Drugs disguised as human platelets target cancer
01 October 2015
Researchers have developed a technique that coats anti-cancer drugs in membranes from the patient's own platelets, to allow drugs to last longer and remain undetected by cancer cells, in order to attack both primary tumours and the circulating tumour cells that cause cancer to spread.
The technique developed for the first time offered two advantages.
First, the surface of cancer cells have an affinity to platelets to which they stick.
"Second, because the platelets come from the patient's own body, the drug carriers are not identified as foreign objects so these last longer in the bloodstream," explained Zhen Gu, assistant professor at North Carolina State University.
''This combination of features means that the drugs can not only attack the main tumour site, but are more likely to find and attach themselves to tumour cells circulating in the bloodstream - essentially attacking new tumors before they start,'' said Quanyin Hu, lead author of the paper and a PhD student in the joint biomedical engineering program.
Blood is taken from a patient, a mouse in this case - and platelets are extracted from that blood.
The isolated platelets are next treated to extract the platelet membranes, that are then placed in a solution containing the anti-cancer drug "Dox".
The solution is then compressed to create nanoscale spheres comprising platelet membranes with the drug.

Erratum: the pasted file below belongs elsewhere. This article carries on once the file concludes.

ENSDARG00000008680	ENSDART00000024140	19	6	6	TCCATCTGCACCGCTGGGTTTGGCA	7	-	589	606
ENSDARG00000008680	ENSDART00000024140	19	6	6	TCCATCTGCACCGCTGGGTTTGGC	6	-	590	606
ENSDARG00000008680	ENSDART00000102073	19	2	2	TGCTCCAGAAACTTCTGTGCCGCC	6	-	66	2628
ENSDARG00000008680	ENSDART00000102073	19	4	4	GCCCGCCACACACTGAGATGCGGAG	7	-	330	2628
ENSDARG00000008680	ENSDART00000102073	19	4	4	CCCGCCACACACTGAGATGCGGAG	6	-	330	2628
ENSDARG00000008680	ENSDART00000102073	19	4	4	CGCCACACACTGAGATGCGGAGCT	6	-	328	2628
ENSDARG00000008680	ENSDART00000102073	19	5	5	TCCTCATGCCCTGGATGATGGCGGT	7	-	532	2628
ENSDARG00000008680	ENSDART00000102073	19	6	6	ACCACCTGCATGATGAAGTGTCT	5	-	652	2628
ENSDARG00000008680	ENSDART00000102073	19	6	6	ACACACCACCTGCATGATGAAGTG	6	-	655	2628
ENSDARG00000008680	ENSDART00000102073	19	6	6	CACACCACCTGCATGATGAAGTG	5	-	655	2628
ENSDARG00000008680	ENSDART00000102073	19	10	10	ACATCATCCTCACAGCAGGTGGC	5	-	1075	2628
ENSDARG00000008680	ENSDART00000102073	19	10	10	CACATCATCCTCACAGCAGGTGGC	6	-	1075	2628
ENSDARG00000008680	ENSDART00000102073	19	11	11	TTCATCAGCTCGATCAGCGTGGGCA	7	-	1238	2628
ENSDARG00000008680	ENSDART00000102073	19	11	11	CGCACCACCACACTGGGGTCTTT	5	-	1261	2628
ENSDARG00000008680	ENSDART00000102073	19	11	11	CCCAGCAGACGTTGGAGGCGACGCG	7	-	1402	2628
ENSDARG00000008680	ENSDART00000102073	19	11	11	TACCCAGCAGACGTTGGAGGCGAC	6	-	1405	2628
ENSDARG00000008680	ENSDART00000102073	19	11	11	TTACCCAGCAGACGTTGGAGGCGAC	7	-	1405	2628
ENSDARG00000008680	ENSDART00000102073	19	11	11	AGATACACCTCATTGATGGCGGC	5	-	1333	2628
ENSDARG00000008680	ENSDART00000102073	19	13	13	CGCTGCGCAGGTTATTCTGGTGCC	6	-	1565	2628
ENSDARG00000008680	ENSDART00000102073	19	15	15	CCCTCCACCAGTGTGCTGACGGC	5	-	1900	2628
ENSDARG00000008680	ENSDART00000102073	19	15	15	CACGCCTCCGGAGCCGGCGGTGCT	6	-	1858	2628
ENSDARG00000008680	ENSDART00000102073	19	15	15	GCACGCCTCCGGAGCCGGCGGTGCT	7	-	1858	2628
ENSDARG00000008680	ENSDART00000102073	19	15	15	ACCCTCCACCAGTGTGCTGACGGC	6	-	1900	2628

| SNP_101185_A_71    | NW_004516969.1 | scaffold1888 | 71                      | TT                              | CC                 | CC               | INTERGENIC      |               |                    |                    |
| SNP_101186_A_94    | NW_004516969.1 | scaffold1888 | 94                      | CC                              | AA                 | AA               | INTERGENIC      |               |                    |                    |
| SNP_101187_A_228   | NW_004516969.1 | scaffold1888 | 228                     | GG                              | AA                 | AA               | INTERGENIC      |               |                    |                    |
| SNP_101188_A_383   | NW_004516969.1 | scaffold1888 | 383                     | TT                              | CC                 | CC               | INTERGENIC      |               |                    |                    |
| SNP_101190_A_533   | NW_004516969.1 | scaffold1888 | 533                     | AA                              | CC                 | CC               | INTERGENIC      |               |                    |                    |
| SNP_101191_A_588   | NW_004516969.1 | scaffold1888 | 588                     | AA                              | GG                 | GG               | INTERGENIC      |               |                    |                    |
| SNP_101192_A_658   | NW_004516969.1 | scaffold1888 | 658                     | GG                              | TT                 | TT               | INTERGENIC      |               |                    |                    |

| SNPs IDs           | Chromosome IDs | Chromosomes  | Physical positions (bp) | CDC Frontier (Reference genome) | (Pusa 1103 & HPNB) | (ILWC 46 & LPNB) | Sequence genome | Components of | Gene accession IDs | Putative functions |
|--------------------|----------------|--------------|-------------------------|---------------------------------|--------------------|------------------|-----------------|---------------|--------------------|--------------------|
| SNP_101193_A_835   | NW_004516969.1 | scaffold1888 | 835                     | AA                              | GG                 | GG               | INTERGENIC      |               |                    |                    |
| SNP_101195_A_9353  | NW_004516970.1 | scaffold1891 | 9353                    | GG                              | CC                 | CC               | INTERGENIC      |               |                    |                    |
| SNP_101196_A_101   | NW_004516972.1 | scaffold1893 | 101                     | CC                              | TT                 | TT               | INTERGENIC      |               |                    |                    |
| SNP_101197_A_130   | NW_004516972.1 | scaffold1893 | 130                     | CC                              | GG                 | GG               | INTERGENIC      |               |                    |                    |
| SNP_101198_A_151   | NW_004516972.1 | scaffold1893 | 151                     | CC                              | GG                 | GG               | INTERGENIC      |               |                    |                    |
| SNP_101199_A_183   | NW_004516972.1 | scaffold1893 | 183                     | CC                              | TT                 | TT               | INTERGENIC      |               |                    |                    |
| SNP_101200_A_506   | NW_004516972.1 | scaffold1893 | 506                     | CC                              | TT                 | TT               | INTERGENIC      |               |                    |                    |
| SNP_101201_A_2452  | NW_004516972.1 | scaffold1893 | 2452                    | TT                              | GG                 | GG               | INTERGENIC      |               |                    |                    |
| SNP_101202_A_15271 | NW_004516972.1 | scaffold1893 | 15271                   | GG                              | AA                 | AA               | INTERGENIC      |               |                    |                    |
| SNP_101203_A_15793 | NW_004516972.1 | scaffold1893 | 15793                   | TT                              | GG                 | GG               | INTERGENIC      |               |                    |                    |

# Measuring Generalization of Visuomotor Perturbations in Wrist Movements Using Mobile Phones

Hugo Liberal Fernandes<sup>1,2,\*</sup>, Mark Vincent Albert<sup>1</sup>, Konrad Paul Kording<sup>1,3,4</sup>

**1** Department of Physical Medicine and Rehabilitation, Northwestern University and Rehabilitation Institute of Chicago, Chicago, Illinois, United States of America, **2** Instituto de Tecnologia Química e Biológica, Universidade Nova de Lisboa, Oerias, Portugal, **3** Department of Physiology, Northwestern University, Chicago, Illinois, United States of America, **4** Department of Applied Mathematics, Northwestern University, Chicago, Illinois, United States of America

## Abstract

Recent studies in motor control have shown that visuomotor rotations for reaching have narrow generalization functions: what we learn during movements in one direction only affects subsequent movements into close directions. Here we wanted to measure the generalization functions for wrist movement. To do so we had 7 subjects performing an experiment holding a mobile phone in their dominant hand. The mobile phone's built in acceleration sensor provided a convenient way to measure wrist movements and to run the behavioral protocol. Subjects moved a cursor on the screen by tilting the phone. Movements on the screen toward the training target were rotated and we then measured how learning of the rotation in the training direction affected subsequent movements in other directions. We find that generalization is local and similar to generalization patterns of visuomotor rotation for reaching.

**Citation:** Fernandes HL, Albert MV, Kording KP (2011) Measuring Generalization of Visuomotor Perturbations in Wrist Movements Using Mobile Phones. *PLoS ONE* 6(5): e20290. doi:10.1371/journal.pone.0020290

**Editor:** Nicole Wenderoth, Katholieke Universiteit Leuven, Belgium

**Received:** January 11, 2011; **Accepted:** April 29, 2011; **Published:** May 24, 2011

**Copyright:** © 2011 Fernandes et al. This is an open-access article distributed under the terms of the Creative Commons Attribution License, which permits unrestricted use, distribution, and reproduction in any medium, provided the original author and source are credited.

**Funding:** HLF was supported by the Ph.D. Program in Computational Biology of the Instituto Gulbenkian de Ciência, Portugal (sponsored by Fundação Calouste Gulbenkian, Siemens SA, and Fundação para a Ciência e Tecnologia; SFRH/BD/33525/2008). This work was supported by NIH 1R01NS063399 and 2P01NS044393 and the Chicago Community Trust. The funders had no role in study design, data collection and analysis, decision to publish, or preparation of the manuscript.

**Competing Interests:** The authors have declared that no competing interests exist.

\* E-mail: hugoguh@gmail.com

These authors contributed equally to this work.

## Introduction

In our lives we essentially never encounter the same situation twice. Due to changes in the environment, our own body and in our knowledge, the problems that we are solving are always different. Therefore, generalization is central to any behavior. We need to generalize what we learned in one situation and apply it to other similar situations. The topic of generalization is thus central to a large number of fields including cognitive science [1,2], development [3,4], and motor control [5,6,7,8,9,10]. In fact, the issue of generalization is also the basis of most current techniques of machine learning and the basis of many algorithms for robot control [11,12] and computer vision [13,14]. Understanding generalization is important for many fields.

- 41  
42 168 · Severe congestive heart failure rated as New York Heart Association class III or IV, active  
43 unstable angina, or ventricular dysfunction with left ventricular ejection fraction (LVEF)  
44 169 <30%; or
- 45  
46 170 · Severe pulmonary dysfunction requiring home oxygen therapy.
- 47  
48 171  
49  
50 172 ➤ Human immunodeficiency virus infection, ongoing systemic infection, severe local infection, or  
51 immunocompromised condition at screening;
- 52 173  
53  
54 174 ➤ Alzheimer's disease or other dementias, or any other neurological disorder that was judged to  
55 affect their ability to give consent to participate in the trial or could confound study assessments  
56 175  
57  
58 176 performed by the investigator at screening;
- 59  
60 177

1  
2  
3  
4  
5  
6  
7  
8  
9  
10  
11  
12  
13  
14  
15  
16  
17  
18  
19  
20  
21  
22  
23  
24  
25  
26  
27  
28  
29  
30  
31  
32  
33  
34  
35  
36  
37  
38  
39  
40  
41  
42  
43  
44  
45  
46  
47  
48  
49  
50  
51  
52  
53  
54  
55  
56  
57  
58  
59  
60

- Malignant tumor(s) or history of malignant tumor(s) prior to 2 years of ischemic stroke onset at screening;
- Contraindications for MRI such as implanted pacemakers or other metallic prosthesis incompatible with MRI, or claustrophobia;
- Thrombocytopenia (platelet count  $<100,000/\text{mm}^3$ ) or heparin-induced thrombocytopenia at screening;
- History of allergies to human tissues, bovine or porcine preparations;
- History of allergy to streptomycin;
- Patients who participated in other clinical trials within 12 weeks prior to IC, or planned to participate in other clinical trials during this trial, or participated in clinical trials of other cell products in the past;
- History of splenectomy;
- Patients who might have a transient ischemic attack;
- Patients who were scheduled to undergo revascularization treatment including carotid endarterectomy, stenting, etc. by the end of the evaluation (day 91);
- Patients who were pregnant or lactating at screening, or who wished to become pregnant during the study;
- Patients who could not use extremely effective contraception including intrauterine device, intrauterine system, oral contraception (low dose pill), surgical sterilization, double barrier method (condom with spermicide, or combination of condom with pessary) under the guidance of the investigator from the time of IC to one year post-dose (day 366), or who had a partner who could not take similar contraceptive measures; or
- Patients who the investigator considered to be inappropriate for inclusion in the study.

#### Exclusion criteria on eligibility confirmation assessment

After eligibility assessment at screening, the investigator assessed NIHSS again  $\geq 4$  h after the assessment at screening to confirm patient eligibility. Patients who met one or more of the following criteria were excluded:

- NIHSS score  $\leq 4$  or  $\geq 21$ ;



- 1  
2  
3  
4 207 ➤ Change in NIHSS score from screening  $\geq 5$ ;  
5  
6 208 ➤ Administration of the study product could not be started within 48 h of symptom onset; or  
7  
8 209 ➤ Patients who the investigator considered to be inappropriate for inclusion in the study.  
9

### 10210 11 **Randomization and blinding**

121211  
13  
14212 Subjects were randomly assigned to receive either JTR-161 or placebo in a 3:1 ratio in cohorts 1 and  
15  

These spheres are next treated so that their surfaces are coated with another effective anti-cancer drug named "TRAIL".
"When released into a patient's bloodstream, these pseudo-platelets can circulate for up to 30 hours - as compared to approximately six hours for the nanoscale vehicles without the coating," the authors noted.
When a pseudo-platelet comes into contact with a tumour, first, the P-Selectin proteins on the platelet membrane bind to the CD44 proteins on the surface of the cancer cell, and lock it into place.
Next the TRAIL on the pseudo-platelet's surface attacks the membrane of the cancer cell.
Third, the larger cancer cell swallows the nanoscale pseudo-platelet.
The acidic environment inside the cancer cell then starts breaking apart the pseudo-platelet which frees Dox to attack the cancer cell's nucleus.
In the study involving mice, the researchers observed that the use of Dox and TRAIL in the pseudo-platelet drug delivery system proved significantly more effective against large tumours and circulating tumour cells than using Dox and TRAIL in a nano-gel delivery system without the platelet membrane.